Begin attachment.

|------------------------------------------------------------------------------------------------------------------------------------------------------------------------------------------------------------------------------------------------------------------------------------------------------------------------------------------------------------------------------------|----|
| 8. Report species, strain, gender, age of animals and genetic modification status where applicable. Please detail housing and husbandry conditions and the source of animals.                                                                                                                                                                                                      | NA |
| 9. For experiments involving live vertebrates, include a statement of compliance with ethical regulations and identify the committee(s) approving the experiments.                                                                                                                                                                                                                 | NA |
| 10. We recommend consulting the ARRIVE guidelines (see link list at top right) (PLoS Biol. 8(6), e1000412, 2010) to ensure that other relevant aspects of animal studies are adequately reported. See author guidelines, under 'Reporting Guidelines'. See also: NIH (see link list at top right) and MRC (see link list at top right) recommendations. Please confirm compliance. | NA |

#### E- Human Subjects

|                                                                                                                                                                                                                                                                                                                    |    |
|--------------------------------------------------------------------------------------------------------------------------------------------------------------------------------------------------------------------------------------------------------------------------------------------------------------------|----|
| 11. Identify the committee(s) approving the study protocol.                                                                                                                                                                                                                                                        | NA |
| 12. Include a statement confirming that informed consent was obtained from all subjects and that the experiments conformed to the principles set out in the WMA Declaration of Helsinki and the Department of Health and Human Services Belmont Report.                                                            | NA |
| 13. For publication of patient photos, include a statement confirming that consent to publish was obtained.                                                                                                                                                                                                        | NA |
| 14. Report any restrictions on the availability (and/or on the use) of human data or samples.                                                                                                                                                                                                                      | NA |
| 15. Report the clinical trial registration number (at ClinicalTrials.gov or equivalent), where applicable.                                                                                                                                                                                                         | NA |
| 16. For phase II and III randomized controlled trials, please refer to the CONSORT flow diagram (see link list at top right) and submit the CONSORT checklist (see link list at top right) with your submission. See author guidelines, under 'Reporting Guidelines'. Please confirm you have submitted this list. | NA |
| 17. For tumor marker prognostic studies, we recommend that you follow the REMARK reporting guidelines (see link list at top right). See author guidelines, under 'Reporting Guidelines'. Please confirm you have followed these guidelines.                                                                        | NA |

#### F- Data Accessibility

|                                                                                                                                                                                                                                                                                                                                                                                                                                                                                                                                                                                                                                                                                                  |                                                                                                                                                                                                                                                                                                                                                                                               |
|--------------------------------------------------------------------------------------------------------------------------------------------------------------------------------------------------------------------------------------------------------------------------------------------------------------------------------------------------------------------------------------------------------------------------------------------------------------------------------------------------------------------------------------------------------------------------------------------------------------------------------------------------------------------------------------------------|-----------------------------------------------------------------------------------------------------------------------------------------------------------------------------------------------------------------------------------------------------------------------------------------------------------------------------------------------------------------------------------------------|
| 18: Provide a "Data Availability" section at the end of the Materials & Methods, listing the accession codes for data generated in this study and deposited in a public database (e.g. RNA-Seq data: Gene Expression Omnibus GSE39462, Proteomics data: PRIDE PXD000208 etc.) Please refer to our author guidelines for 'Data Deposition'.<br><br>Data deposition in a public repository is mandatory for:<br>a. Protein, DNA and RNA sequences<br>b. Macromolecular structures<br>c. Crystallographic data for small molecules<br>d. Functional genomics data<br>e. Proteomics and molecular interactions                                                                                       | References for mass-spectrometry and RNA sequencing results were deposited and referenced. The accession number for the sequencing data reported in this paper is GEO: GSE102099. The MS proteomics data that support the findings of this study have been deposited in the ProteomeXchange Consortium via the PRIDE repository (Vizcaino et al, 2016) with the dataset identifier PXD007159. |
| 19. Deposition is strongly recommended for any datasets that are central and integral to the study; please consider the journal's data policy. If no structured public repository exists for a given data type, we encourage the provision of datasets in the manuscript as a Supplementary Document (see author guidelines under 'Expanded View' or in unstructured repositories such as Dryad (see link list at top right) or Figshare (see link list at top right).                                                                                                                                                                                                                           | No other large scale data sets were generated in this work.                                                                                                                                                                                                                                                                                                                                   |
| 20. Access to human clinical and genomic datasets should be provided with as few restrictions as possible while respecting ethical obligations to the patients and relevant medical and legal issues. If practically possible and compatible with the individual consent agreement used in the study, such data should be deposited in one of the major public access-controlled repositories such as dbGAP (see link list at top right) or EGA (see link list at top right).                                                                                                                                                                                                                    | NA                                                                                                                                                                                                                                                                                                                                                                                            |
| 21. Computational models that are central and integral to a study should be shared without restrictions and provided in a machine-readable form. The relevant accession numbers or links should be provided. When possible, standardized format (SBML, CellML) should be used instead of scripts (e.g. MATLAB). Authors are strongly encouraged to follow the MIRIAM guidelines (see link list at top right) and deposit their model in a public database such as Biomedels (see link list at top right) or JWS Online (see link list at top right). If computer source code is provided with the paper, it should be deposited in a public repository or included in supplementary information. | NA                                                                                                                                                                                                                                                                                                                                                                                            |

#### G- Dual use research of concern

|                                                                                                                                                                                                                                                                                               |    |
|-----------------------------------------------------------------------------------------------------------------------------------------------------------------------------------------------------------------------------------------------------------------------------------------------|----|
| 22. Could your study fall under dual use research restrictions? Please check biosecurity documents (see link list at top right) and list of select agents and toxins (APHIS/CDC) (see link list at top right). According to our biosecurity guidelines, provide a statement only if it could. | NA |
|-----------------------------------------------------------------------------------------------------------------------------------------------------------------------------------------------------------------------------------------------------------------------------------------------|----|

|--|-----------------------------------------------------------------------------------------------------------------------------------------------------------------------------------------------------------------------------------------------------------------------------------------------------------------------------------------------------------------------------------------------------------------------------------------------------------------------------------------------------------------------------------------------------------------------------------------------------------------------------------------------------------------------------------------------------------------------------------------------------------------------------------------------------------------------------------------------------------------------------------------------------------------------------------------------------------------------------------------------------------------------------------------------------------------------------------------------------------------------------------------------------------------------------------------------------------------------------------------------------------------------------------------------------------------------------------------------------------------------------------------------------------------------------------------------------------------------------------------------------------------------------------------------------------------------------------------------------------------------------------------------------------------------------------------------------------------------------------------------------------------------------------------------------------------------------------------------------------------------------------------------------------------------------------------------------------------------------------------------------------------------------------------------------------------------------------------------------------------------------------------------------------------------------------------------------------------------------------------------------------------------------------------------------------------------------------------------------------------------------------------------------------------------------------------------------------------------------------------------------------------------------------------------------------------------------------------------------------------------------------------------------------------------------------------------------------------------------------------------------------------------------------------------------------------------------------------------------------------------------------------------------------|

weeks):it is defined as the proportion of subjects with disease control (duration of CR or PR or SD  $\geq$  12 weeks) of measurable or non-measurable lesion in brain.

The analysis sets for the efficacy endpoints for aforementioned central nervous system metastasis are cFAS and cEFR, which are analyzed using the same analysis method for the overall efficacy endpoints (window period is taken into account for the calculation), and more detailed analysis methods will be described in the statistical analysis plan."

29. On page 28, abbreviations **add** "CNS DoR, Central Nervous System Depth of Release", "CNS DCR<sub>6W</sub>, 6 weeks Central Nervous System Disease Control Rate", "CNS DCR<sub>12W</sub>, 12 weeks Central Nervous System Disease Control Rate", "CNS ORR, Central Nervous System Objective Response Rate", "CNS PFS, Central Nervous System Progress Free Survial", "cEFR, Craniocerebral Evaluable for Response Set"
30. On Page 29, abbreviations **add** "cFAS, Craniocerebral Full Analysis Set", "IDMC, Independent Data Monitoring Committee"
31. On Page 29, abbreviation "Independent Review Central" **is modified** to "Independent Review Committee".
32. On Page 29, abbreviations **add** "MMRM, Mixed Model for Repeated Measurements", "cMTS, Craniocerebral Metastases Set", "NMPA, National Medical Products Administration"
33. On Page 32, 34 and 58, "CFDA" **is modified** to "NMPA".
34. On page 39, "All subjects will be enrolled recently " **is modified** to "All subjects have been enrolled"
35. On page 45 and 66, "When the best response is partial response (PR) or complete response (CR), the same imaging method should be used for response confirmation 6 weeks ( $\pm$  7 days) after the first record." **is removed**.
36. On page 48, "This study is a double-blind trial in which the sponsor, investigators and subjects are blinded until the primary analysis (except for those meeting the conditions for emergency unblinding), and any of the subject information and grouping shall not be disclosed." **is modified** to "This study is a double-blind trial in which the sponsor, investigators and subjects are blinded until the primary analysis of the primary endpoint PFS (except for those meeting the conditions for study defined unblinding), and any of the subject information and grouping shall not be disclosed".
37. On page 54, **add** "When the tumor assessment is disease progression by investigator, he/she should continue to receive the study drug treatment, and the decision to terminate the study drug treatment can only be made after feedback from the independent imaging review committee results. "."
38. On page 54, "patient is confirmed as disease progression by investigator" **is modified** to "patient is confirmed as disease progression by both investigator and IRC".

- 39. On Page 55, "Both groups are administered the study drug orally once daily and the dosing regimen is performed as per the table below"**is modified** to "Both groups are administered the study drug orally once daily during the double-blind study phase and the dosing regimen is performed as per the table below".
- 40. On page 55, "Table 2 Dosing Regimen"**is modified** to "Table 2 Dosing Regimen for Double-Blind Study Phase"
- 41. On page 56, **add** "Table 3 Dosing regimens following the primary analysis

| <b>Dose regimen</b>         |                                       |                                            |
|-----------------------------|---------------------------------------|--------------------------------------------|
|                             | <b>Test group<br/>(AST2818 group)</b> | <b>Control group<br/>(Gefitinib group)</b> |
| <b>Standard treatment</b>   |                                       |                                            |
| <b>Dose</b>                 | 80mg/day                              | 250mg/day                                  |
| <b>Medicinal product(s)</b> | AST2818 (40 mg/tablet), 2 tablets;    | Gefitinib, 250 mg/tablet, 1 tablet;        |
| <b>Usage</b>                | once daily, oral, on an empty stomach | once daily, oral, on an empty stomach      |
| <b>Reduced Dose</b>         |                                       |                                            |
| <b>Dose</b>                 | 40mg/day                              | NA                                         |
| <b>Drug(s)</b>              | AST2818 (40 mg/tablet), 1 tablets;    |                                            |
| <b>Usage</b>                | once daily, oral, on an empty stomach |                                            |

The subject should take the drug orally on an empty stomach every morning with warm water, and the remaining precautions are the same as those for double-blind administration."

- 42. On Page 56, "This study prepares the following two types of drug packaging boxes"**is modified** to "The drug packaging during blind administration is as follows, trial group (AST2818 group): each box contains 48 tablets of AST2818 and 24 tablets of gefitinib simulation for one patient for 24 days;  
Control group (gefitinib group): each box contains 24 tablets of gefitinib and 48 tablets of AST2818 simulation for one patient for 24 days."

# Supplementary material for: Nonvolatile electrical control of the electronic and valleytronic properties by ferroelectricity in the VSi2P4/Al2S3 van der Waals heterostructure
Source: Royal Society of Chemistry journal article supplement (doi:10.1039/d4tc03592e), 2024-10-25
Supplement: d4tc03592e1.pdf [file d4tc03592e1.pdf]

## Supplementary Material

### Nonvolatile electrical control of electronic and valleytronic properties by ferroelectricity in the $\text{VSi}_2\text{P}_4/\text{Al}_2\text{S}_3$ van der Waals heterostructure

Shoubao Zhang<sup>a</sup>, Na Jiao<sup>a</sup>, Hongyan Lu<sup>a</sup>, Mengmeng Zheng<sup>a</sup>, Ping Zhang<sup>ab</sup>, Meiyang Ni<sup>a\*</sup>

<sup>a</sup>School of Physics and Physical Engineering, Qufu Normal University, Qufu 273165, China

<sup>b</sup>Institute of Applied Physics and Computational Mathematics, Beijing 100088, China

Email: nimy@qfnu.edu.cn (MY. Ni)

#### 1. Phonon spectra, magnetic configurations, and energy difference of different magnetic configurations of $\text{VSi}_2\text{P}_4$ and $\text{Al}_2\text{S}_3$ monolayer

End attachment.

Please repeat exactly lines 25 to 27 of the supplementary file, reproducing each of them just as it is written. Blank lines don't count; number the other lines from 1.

| 22. Could your study fall under dual use research restrictions? Please check biosecurity documents (see link list at top right) and list of select agents and toxins (APHIS/CDC) (see link list at top right). According to our biosecurity guidelines, provide a statement only if it could. | NA |
|-----------------------------------------------------------------------------------------------------------------------------------------------------------------------------------------------------------------------------------------------------------------------------------------------|----|

|--|-----------------------------------------------------------------------------------------------------------------------------------------------------------------------------------------------------------------------------------------------------------------------------------------------------------------------------------------------------------------------------------------------------------------------------------------------------------------------------------------------------------------------------------------------------------------------------------------------------------------------------------------------------------------------------------------------------------------------------------------------------------------------------------------------------------------------------------------------------------------------------------------------------------------------------------------------------------------------------------------------------------------------------------------------------------------------------------------------------------------------------------------------------------------------------------------------------------------------------------------------------------------------------------------------------------------------------------------------------------------------------------------------------------------------------------------------------------------------------------------------------------------------------------------------------------------------------------------------------------------------------------------------------------------------------------------------------------------------------------------------------------------------------------------------------------------------------------------------------------------------------------------------------------------------------------------------------------------------------------------------------------------------------------------------------------------------------------------------------------------------------------------------------------------------------------------------------------------------------------------------------------------------------------------------------------------------------------------------------------------------------------------------------------------------------------------------------------------------------------------------------------------------------------------------------------------------------------------------------------------------------------------------------------------------------------------------------------------------------------------------------------------------------------------------------------------------------------------------------------------------------------------------------------|